Author Abstract: Prior research has shown that people mispredict their own behavior and preferences across affective states. When people are in an affectively “cold” state, they fail to fully appreciate how “hot” states will affect their own preferences and behavior. When in hot states, they underestimate the influence of those states and, as a result, overestimate the stability of their current preferences. The same biases apply interpersonally; for example, people who are not affectively aroused underappreciate the impact of hot states on other people’s behavior. After reviewing research documenting such intrapersonal and interpersonal hot-cold empathy gaps, this article examines their consequences for medical, and specifically cancer-related, decision making, showing, for example, that hot-cold empathy gaps can lead healthy persons to expose themselves excessively to health risks and can cause health care providers to undertreat patients for pain.

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The Role of Affect in Decision Making

Authors: George Loewenstein, Carnegie Mellon University; Jennifer S. Lerner, Carnegie Mellon University

Publication: Handbook of Affective Science

Year: 2003

Focus Area: Decision Making, Emotion

Relevance: This textbook chapter on emotion’s involvement in decision making provides a comprehensive introduction to the study of decision making. A number of common terms in decision research are defined in this chapter, often with easily understood examples.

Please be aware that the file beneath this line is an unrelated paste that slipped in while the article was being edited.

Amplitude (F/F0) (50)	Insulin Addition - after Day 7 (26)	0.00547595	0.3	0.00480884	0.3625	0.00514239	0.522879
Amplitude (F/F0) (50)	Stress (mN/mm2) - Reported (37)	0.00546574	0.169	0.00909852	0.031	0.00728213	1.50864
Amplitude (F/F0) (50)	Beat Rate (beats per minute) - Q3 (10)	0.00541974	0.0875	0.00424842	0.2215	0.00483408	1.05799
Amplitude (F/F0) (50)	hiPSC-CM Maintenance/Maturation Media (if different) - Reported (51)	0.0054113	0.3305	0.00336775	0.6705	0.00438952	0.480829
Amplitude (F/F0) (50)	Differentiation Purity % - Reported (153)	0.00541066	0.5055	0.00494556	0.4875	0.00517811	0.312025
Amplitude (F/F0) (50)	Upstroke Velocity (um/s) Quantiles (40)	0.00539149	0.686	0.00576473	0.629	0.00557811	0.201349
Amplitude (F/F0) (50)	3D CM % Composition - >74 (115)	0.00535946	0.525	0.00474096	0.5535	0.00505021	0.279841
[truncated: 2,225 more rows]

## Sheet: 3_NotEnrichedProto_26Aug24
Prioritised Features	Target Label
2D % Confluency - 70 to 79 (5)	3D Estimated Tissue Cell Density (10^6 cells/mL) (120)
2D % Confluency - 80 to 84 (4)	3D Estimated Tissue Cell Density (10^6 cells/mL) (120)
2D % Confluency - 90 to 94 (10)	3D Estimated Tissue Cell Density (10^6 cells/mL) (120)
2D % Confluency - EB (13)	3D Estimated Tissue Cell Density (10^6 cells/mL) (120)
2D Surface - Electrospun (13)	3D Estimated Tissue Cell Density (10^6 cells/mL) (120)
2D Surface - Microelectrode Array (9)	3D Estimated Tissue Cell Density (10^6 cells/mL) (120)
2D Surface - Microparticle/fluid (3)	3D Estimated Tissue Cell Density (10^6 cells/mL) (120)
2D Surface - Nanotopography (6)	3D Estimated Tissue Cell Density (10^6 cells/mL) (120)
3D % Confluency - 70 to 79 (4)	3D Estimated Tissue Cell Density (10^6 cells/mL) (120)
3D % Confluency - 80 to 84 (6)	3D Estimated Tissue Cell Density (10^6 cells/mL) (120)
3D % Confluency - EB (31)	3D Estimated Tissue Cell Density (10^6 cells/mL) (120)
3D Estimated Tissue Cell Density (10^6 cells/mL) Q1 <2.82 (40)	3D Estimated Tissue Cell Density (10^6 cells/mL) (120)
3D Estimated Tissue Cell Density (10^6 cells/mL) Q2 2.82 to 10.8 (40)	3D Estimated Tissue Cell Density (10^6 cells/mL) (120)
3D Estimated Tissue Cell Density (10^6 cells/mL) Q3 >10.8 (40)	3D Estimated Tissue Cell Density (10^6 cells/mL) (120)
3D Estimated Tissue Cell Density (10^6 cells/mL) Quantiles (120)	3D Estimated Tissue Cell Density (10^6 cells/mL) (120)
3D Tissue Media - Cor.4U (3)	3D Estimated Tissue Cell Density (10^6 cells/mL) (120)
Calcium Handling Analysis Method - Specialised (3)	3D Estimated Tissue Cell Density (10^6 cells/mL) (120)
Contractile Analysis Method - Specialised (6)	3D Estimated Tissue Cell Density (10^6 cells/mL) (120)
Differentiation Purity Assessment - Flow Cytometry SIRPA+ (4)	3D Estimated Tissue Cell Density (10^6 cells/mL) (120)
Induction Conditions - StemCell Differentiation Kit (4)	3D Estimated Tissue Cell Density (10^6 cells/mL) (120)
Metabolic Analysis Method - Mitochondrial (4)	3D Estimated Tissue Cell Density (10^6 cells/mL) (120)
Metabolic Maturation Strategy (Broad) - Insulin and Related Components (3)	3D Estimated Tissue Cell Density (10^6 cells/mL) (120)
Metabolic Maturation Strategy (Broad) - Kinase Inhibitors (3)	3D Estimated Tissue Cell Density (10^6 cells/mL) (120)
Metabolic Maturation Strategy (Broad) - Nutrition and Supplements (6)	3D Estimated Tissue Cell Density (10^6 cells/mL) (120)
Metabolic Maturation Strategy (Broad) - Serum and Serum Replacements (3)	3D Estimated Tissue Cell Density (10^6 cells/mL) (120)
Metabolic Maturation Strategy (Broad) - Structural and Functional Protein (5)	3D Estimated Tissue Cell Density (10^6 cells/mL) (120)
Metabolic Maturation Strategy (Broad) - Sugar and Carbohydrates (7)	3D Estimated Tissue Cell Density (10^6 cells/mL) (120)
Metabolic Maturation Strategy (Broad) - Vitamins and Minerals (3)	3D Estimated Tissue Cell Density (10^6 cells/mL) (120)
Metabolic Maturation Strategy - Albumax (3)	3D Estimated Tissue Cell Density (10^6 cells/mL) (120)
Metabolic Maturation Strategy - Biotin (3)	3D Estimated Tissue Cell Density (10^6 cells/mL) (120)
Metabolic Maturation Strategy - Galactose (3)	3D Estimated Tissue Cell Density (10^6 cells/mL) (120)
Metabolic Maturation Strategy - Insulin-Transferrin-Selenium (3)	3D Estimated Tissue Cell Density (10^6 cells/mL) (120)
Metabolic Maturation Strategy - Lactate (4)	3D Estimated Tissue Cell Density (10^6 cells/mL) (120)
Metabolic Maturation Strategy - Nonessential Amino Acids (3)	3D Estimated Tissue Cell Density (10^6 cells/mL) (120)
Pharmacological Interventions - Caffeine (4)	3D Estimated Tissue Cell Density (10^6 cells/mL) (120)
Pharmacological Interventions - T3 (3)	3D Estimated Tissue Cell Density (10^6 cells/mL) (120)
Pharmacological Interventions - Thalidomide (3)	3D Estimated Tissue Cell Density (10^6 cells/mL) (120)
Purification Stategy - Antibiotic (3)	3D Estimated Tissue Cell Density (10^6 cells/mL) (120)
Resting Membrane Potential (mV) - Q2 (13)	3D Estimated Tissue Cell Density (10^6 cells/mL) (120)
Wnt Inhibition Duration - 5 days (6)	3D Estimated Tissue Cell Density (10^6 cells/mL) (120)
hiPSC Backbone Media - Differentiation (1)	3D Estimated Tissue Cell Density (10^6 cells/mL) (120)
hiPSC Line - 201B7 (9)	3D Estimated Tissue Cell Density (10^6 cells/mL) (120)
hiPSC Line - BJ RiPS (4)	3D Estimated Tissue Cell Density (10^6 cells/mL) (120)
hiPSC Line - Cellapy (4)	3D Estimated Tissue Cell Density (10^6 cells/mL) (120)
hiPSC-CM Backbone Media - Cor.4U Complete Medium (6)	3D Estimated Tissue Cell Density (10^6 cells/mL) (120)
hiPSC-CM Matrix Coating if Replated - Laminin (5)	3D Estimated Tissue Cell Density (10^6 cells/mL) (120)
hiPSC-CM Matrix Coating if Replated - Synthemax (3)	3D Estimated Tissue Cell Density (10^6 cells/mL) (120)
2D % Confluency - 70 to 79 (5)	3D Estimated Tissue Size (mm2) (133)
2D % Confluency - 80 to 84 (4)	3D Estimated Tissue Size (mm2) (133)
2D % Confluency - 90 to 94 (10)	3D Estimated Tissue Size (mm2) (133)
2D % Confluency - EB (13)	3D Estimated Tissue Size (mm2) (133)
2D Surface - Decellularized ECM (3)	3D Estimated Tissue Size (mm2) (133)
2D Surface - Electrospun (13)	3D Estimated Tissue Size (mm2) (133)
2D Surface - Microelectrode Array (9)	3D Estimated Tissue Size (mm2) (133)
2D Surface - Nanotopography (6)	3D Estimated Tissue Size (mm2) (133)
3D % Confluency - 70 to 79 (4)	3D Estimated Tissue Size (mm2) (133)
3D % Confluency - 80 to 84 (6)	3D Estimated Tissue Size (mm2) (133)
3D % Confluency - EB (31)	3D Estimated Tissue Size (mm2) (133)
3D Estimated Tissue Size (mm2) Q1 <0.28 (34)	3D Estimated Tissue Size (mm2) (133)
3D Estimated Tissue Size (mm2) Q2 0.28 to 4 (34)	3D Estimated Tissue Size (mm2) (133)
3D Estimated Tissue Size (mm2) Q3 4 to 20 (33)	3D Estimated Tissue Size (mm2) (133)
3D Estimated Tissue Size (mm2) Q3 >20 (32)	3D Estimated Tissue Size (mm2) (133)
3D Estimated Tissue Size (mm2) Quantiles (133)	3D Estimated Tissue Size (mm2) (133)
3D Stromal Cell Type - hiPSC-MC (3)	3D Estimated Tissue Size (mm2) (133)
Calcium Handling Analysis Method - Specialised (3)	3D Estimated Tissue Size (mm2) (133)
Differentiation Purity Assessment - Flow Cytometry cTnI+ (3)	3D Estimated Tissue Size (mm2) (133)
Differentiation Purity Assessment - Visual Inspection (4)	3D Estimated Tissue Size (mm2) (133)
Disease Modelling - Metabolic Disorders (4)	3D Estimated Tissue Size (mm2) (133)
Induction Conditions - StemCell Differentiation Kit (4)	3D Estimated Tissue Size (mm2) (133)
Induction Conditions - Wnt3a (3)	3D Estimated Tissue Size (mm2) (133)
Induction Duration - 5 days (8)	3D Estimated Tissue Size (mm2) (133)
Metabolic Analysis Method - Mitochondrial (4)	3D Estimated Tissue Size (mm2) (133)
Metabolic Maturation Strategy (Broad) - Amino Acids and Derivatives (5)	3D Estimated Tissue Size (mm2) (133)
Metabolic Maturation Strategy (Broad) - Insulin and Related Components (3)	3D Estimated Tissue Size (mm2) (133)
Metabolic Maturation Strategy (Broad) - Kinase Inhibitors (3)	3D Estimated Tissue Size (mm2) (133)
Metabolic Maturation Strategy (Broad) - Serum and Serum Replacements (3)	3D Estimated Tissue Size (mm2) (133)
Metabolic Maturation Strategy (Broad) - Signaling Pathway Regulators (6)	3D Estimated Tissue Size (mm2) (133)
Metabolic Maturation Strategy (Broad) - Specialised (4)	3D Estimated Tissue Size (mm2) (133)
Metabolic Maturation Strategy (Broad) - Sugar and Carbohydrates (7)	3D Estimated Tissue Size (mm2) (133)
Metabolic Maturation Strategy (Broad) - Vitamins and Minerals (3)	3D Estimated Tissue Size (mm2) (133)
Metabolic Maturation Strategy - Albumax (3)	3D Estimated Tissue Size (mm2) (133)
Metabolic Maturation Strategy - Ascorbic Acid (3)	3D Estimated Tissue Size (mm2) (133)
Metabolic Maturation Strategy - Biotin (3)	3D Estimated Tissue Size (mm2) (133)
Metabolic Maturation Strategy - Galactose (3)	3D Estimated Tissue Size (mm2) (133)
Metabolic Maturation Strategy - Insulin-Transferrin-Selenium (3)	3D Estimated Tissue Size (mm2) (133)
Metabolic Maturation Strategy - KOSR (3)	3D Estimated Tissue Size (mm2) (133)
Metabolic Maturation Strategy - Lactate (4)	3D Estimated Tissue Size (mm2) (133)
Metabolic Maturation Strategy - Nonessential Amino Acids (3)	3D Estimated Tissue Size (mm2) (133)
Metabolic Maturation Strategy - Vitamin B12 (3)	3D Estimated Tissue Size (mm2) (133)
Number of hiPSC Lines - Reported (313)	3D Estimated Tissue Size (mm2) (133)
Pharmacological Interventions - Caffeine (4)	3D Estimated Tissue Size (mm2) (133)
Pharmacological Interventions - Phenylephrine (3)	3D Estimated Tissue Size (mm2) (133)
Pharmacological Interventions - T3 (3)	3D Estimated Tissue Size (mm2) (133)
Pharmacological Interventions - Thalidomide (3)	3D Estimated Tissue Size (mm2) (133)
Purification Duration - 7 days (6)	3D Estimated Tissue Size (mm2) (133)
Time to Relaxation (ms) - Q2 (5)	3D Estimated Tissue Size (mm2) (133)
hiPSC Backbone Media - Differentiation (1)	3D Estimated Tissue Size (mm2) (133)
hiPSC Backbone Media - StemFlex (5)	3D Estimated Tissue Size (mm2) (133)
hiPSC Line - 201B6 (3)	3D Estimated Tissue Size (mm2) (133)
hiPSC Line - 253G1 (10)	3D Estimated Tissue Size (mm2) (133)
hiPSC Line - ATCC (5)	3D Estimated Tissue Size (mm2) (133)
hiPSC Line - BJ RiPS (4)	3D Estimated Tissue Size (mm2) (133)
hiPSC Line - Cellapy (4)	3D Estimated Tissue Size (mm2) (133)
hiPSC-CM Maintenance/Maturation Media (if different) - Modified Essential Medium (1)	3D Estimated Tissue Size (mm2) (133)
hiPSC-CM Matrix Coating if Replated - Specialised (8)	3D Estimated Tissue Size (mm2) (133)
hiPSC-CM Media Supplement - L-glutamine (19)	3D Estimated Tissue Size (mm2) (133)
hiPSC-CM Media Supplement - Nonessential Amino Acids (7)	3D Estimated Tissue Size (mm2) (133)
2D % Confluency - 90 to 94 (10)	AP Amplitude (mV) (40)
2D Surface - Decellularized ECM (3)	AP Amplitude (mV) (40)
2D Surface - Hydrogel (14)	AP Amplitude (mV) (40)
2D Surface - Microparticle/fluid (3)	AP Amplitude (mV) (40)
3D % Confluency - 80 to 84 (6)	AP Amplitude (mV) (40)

Summary: Traditional decision theory focused on cognitive decision making but largely ignored the importance of emotions in decision making until the late 1980s, but now “contemporary decision research is characterized by an intense focus on emotion.” Current theory identifies two kinds of emotions that influence decisions: expected emotions, which are expectations about future emotional consequences of a decision, and immediate emotions, which are emotions felt while making a decision.

  • Expected emotions can moderate decision making by influencing how people weigh probabilities, value potential rewards versus losses, and attempt to avoid disappointment or recrimination about the decision they are making. The effects of expected emotions are often strong when people make decisions about risk or decisions with delayed consequences.
  • Immediate emotions are determined by anticipation of a decision or factors unrelated to the decision at hand. Intense emotions have larger impacts on decisions and are more difficult to manipulate or suppress.
  • Historically, emotions have been seen as negative influences on decision making. Lately, however, more value has been awarded to emotions and “gut feelings” as legitimate tools in decision making – as long as they are used along with other decision making techniques.

Author Abstract: Our goal in this chapter is to highlight and organize these new emotion-related developments in decision research. We organize our review around a general theoretical framework for understanding the different ways in which emotions enter into decision making. Such a framework, we hope, can facilitate integration of the wide-ranging findings that have emerged from recent research and shed new light on several central topics in decision theory, such as how people deal with outcomes that are uncertain and how they discount delayed costs and benefits.